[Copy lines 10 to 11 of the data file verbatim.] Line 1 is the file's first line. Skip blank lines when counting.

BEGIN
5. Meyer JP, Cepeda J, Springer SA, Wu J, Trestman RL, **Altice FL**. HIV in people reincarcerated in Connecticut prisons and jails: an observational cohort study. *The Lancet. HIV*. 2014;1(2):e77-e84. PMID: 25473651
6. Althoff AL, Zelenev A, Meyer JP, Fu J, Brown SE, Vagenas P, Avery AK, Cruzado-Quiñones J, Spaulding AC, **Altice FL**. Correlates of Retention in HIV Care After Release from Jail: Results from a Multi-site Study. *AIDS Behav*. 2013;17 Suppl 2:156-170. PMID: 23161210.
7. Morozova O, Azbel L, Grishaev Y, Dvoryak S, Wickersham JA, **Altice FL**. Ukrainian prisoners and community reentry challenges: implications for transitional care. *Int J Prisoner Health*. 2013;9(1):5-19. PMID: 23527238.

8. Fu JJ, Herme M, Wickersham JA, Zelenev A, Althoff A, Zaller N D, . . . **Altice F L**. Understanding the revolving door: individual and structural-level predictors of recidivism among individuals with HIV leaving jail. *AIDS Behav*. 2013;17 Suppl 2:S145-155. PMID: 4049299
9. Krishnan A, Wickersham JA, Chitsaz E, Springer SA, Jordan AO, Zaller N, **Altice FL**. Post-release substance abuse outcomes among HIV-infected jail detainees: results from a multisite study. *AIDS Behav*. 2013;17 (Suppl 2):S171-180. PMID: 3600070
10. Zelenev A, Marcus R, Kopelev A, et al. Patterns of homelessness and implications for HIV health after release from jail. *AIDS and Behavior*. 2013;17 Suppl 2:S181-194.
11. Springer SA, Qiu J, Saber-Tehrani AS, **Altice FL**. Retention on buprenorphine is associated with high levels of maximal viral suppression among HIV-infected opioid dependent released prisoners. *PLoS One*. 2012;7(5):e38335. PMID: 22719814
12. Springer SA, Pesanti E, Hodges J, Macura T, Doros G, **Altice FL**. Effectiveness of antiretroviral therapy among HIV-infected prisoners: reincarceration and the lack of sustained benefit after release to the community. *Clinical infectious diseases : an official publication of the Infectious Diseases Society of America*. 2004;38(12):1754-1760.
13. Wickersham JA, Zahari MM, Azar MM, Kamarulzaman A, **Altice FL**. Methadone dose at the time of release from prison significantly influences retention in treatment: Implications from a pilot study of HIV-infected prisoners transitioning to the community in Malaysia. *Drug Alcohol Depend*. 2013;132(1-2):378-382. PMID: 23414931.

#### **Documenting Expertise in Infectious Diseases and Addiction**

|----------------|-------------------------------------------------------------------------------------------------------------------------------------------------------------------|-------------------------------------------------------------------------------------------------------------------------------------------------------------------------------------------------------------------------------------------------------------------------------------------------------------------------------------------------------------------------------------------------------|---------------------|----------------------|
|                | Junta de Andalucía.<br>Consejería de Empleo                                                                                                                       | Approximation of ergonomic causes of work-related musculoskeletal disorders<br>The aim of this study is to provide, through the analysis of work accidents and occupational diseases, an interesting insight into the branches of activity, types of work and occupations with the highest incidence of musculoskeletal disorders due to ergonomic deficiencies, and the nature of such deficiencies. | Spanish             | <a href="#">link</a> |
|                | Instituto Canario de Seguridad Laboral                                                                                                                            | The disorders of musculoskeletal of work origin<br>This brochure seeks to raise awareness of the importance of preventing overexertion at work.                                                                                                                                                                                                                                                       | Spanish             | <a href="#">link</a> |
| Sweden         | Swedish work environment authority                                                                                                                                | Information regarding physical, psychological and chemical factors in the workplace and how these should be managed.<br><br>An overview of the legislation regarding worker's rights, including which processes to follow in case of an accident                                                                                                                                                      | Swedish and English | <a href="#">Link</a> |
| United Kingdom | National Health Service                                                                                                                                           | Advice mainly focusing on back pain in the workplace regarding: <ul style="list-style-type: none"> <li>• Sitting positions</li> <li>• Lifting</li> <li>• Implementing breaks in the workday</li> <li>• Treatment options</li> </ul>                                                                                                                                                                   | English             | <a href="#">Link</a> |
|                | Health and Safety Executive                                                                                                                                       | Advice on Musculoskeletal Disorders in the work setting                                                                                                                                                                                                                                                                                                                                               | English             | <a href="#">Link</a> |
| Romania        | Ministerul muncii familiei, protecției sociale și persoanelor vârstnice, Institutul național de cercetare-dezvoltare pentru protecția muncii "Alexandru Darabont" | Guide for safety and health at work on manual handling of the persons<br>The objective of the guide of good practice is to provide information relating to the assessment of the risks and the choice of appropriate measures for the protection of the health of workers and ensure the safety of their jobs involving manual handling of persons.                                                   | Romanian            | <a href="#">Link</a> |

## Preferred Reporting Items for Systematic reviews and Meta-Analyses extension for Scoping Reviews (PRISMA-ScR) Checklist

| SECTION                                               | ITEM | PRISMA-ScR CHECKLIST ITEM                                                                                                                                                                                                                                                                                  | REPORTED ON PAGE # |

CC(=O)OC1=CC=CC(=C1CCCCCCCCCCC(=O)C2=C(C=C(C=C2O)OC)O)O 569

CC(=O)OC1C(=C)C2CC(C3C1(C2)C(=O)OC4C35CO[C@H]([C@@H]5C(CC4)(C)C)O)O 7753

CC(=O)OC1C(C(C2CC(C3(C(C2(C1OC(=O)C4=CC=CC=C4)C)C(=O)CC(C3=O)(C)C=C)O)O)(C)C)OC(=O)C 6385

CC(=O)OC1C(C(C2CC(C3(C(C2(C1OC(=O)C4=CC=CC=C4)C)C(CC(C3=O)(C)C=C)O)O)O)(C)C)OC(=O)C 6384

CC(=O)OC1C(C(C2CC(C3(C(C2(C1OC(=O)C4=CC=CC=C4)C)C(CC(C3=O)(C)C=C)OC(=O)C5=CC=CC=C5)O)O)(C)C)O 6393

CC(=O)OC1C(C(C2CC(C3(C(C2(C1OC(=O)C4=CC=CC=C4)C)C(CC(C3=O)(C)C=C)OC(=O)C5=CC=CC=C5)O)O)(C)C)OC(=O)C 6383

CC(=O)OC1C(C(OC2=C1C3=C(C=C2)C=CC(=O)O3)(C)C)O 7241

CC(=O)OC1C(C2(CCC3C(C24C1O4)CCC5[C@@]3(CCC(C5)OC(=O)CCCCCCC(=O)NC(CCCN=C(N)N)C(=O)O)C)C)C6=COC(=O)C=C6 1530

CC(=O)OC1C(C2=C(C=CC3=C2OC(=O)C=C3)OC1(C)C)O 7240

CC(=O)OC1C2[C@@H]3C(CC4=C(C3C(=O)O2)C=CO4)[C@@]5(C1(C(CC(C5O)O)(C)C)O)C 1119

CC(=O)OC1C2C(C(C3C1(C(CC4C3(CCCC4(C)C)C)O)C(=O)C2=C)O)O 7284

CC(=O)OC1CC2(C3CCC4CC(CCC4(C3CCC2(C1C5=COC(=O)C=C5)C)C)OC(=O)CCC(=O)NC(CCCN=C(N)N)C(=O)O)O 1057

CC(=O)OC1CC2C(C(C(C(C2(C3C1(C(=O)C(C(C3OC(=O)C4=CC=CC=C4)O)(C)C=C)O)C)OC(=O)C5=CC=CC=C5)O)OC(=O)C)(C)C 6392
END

#### **Documenting Expertise in Infectious Diseases and Addiction**

|----------------|-------------------------------------------------------------------------------------------------------------------------------------------------------------------|-------------------------------------------------------------------------------------------------------------------------------------------------------------------------------------------------------------------------------------------------------------------------------------------------------------------------------------------------------------------------------------------------------|---------------------|----------------------|